We can talk all day about the intentions of charter operators, about the possible ramifications of various charter policy decisions. Heck, on occasion I can talk about the conditions under which I would welcome charter schools (because I don't automatically default to the position that they're a Bad Thing). There is a pattern in the ed reform movement. Reformsters hold up a bright shiny polished reform idea, people hop up to say, "Wow, that looks great! Let's have some of that!" And then something else entirely is delivered. So when we talk about any reform policy, we need to talk about what is actually happening on the ground. And what is happening on the ground is fairly alarming. The Network for Public Education has now done that for charter schools. Full disclosures-- first, I'm a member of NPE and second, NPE is not predisposed to be kind to charter schools. Nevertheless, I recommend you read their new report Charters and Consequences and judge for yourself. NPE has taken a look at what is actually happening in the charter world, and it's not good. The report is a collection of eleven separate pieces of investigation, created over the span of a year

Court throws out landmark SC school equity lawsuit
The State BY JAMIE SELF AND BRISTOW MARCHANT jself@thestate.com, bmarchant@thestate.com NOVEMBER 20, 2017 01:04 PM
After 24 years of court battles, a landmark school equity lawsuit aimed at improving education opportunities in the state’s poorest, rural schools has been dismissed. The S.C. Supreme Court closed the case in a 3-2 order, praising state lawmakers for responding in “good faith” to the court’s 2014 mandate to find ways to fix South Carolina’s failing public schools. State House leaders, who asked the court to dismiss them from the case, applauded the ruling. “Today’s order confirms that the Supreme Court is satisfied by the House’s transformative efforts to improve South Carolina’s education system,” House Speaker Jay Lucas said after the court’s decision was handed down Friday. . “Providing every child in every part of our state access to a 21st century education has and will continue to be a priority for the South Carolina House of Representatives.” Meanwhile, the ruling was disappointing to an attorney representing the more than 30 poor, rural school districts that sued the state in 1993, arguing they did not have the money or resources to provide children with a quality education.

Stuff They Don't Want You to Know episode: The Gulen Movement 
Stuff Network Podcast Runtime 1:01 POSTED SEP 29, 2017
What do private schools and revolution have in common? The answer may surprise you. Join the guys as they bring on their intern Sam Teegardin and for a firsthand look at a strange and insidious conspiracy reaching from the Eastern US seaboard and journeying through locations across the world to fundamentally rock the political foundations of the Turkish state.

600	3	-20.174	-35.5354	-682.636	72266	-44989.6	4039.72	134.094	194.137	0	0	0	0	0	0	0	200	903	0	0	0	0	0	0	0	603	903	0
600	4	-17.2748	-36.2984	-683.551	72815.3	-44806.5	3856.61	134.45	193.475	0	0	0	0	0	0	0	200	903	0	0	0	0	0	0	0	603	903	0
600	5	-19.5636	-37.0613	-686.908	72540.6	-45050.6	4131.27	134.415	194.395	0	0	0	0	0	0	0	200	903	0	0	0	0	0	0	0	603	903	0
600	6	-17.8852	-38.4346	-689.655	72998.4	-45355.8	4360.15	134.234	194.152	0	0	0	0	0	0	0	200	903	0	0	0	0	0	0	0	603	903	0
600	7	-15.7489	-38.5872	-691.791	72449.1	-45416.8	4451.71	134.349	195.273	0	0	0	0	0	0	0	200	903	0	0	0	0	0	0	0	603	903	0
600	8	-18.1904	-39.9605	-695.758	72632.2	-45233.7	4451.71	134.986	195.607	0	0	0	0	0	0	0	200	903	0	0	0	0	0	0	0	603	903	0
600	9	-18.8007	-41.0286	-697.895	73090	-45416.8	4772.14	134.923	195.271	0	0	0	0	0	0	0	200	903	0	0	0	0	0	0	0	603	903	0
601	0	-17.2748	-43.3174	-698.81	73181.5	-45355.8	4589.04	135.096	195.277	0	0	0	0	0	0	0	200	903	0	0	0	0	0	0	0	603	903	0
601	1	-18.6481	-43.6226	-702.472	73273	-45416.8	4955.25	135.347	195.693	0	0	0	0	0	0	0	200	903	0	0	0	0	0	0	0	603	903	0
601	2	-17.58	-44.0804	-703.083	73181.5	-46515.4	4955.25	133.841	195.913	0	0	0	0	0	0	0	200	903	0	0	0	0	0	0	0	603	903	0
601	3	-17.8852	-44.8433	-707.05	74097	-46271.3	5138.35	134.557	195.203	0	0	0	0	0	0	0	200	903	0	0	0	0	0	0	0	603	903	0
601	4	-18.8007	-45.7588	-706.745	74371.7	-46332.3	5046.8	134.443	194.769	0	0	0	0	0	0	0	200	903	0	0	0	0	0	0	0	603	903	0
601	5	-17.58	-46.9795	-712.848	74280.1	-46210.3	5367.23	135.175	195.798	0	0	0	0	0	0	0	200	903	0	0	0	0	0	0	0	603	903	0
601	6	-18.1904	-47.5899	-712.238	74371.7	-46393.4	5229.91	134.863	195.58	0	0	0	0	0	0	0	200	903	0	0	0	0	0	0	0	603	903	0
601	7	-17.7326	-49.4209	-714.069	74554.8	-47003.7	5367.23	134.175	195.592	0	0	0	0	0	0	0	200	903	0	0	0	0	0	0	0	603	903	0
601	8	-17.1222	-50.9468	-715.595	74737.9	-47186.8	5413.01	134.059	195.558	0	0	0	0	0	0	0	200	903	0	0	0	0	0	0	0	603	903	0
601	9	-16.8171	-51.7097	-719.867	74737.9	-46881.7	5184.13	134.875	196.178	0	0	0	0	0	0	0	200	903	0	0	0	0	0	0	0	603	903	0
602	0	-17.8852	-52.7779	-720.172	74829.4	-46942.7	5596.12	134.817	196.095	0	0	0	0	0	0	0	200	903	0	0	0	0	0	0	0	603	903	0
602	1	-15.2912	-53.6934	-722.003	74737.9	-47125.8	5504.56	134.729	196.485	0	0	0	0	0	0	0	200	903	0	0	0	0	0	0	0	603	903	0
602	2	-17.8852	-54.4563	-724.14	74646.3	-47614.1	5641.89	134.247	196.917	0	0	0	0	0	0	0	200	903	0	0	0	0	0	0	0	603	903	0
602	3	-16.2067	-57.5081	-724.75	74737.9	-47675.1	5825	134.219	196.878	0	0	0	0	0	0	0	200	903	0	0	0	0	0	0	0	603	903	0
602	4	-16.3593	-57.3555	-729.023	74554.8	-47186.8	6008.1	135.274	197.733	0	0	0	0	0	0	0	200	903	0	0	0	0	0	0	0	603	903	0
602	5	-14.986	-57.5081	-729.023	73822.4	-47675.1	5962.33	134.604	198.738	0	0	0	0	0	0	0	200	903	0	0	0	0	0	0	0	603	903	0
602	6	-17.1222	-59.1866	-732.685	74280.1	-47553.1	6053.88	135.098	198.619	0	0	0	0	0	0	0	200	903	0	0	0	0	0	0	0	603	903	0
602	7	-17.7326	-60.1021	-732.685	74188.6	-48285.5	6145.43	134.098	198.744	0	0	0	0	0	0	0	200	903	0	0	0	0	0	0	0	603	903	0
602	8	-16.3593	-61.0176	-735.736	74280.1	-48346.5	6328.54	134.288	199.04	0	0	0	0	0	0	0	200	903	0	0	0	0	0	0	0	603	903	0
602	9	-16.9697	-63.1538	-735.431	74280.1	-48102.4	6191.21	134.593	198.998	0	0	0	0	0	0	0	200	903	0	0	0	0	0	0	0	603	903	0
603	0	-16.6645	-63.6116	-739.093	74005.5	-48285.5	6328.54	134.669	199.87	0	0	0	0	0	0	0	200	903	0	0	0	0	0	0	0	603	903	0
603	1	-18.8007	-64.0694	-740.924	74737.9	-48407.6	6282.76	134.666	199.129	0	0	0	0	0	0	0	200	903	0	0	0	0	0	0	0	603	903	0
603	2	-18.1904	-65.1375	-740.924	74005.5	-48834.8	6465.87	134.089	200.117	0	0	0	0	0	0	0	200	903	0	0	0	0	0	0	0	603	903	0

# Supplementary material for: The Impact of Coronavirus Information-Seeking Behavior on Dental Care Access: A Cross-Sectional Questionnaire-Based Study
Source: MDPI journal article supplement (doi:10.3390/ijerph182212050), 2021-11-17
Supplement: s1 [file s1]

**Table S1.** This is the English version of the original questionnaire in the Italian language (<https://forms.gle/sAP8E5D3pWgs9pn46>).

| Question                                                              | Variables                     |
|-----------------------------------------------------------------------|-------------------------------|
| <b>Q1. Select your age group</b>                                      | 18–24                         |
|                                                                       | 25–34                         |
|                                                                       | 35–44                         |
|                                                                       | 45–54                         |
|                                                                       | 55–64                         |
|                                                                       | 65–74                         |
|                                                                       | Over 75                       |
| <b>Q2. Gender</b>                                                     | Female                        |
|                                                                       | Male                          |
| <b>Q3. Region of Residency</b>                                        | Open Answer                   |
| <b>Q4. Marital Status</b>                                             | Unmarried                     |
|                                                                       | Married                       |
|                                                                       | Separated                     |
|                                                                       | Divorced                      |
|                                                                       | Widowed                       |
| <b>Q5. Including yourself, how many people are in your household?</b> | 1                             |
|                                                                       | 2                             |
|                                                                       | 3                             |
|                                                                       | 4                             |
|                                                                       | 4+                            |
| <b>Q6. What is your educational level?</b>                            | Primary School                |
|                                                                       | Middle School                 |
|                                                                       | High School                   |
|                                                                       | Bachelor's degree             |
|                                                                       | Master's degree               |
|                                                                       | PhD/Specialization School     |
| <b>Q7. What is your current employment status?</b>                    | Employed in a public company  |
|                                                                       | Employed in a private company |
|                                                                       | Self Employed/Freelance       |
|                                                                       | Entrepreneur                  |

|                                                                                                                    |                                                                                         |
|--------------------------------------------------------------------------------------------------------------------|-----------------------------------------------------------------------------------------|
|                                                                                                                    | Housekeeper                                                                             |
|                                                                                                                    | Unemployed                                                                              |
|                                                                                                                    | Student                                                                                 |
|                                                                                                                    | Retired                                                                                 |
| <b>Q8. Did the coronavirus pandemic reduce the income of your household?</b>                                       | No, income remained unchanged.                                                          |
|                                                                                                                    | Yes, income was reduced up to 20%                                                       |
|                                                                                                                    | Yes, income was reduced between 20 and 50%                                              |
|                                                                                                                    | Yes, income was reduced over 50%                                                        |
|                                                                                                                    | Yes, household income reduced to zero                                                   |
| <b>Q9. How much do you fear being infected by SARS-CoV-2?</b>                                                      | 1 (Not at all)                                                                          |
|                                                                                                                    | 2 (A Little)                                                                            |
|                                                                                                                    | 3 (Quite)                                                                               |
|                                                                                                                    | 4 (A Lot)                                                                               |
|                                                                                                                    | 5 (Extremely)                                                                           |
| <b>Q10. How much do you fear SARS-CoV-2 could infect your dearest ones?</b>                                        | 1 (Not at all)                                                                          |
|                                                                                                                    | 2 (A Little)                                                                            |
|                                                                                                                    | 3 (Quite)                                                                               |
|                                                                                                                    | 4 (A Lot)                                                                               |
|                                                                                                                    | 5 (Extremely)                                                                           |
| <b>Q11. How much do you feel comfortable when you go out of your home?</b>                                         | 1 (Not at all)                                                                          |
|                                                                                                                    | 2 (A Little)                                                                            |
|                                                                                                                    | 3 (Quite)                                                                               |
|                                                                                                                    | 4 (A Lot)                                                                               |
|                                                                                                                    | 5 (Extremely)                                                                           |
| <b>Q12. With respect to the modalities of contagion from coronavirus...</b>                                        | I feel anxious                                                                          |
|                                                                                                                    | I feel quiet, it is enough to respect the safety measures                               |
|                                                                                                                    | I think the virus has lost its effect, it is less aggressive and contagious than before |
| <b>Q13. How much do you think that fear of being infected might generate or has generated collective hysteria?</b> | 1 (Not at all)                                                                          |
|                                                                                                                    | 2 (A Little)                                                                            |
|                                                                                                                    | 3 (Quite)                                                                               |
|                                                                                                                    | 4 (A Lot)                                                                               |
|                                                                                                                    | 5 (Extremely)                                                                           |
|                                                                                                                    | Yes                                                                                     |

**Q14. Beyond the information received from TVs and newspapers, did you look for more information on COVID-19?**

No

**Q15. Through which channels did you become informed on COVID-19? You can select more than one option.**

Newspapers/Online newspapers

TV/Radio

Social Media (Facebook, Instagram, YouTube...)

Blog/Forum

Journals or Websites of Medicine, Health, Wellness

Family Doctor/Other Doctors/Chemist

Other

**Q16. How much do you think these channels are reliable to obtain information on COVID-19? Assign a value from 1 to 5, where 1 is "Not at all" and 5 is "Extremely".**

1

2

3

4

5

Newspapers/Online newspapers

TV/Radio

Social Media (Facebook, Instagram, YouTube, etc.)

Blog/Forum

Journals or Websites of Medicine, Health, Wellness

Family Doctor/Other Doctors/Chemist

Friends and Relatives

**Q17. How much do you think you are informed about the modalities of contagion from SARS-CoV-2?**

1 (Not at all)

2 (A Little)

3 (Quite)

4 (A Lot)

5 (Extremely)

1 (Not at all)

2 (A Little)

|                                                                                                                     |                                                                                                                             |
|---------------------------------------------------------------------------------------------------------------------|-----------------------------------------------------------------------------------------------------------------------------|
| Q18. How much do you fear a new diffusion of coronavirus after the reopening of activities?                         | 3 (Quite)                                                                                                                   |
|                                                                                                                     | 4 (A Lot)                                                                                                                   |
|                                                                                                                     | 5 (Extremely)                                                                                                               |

Register for New School Director Training in December and January
PSBA Website October 2017
You’ve started a challenging and exciting new role as a school director. Let us help you narrow the learning curve! PSBA’s New School Director Training provides school directors with foundational knowledge about their role, responsibilities and ethical obligations. At this live workshop, participants will learn about key laws, policies, and processes that guide school board governance and leadership, and develop skills for becoming strong advocates in their community. Get the tools you need from experts during this visually engaging and interactive event.
Choose from any of these 10 locations and dates (note: all sessions are held 8 a.m.-4 p.m., unless specified otherwise.):
·         Dec. 8, Bedford CTC
·         Dec. 8, Montoursville Area High School
·         Dec. 9, Upper St. Clair High School
·         Dec. 9, West Side CTC
·         Dec. 15, Crawford County CTC
·         Dec. 15, Upper Merion MS (8:30 a.m.–4:30 p.m)
·         Dec. 16, PSBA Mechanicsburg
·         Dec. 16, Seneca Highlands IU 9
·                              Jan. 6, Haverford Middle School
·         Jan. 13, A W Beattie Career Center
·         Jan. 13, Parkland HS
Fees: Complimentary to All-Access members or $170 per person for standard membership. All registrations will be billed to the listed district, IU or CTC. To request billing to an individual, please contact Michelle Kunkel at michelle.kunkel@psba.org. Registration also includes a box lunch on site and printed resources.

Save the Date! NSBA 2018 Advocacy Institute February 4-6, 2018 Marriott Marquis, Washington D.C.
Registration Opens Tuesday, September 26, 2017